Baltimore Clayworks to reopen with new board, old debt

Two months after a cash-starved, debt-plagued Baltimore Clayworks shut its doors and appeared headed for bankruptcy and liquidation, the 37-year-old ceramics center has a new lease on life.

On Wednesday, a freshly installed board of trustees announced that an agreement for continuation was signed last week with the previous Clayworks board, which resigned Tuesday. The previous board had voted to close the ceramic arts center and file for Chapter 7 bankruptcy in July.


"This is what everyone was hoping for," said Marsha Smelkinson, an organizer of the Clayworks Community Campaign that has been trying for eight months to keep the ceramic arts center going. "It was a long journey, and we never knew what the outcome was going to be. But community members and our steering committee never lost their belief that we had a way to save this organization and reopen it."

Clayworks has closed — opening only for the weekend to allow students, teachers and resident artists to clear out their belongings.

The new board plans to have at least one of the two Mount Washington buildings that constitute the ceramics art center up and running again in October.

Those buildings had been put up for sale early in the year as a means of paying off about $1 million in debt and funding a relocation to a Baltimore arts district. The Clayworks Community Campaign sprang up to oppose that plan and propose alternative scenarios to keep Clayworks in Mount Washington.

The Clayworks board entered a deal to sell the properties to another nonprofit for $3.7 million. But after the real estate deal collapsed in July, the board voted to shut the doors and file for Chapter 7 bankruptcy, which would lead to liquidation. Artists, teachers and students were given a limited time to retrieve their work.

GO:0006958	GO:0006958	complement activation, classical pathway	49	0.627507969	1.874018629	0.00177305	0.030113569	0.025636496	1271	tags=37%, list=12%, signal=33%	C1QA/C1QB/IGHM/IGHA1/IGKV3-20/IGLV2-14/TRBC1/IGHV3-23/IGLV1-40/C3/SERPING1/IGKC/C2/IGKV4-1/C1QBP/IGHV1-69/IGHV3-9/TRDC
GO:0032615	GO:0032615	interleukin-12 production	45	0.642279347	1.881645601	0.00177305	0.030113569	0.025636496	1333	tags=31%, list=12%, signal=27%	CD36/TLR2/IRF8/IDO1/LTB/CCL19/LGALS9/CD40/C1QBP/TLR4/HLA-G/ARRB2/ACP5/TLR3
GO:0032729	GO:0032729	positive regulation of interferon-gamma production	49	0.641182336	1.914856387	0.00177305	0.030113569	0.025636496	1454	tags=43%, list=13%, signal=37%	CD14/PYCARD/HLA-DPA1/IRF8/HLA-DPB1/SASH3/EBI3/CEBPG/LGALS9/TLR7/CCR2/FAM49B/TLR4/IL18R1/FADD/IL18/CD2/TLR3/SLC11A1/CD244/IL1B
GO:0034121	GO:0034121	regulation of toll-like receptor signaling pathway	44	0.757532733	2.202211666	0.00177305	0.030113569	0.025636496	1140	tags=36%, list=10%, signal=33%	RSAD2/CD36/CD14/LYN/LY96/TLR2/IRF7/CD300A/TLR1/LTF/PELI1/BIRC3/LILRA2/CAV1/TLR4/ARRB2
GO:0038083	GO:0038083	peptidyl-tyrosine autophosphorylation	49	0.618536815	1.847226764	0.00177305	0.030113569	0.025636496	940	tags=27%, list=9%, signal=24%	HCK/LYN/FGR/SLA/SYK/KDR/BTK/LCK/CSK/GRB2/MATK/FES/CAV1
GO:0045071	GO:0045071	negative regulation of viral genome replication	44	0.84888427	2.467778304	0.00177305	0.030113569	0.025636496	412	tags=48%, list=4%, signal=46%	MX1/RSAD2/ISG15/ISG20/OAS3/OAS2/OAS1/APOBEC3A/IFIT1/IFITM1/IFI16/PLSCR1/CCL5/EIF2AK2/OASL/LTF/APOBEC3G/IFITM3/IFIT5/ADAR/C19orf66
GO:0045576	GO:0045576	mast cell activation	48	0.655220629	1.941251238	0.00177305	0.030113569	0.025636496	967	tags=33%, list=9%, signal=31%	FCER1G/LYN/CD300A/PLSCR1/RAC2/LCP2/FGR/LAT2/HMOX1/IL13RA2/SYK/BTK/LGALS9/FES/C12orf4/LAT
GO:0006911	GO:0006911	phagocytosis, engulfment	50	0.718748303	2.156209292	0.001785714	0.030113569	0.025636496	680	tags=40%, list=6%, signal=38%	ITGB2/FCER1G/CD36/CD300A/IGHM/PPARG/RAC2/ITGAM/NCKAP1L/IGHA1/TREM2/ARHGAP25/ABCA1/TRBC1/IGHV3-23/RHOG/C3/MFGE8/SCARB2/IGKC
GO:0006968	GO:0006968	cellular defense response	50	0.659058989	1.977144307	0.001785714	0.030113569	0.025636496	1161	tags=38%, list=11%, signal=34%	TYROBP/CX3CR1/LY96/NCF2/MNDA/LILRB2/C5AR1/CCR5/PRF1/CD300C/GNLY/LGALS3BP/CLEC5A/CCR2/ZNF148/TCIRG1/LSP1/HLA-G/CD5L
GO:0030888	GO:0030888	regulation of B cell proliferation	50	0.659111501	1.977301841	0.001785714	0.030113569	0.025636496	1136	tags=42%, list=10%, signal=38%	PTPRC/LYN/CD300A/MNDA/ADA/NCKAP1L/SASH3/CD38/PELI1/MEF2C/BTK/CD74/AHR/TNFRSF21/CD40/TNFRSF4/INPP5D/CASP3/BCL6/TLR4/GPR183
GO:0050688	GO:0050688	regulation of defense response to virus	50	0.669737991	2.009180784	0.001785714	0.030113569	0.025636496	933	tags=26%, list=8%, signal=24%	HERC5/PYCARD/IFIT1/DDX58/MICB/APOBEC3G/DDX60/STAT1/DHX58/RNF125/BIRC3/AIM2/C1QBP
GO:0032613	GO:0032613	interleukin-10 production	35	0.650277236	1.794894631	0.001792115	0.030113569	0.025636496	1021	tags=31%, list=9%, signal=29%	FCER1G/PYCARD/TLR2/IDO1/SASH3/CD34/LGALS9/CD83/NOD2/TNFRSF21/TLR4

Baltimore Clayworks, the decades' old ceramic arts center in Mount Washington, to file for bankruptcy under Chapter 7.

When the board did not immediately proceed with filing bankruptcy papers, the Community Campaign continued seeking an arrangement to save the institution.

"But both parties decided they couldn't resolve this by further discussion with each other, so we turned it over to attorneys," said Smelkinson, a member of the new Clayworks board. "During the period of August and September, our group started assembling volunteers just to be ready if we achieved the continuation."

Achieving that deal means that the new board has its work cut out for it — as it assumes the organization's debt.

"Our donors have contributed $350,000, and we've already written $150,000 in checks that were delivered yesterday to creditors," Smelkinson said. "We have one bank loan of $50,000 due to be paid Dec. 31. The largest amount we owe is a note for approximately $650,000 due in August 2018."


Susan Vernon, a member of the former Clayworks board, said she was pleased with the outcome.

"Baltimore Clayworks is a wonderful organization that does a lot of good for a lot of people," Vernon said. "I'm so glad it is getting a second chance."

The new board will hold its first official meeting next week, when it will begin financial planning and start the process for hiring an executive director. Two Clayworks staffers laid off in July will be re-hired to help with the reopening of the facilities, Smelikson said. (The center previously had about a dozen full- and part-time employees.) A community meeting is scheduled for 6 p.m. Oct. 11 in the Parish Hall at the Church of the Redeemer, 5603 N. Charles St.

The Studio Building, housing artists studios and classrooms, will reopen "sometime in October," Smelikson said. She is hopeful that some classes will resume during November and December.

To regain firm financial footing may still required the sale of one of the Clayworks buildings, most likely the Gallery located across form the Studio. It will be one of the options "investigated by the board," said Smelkinson.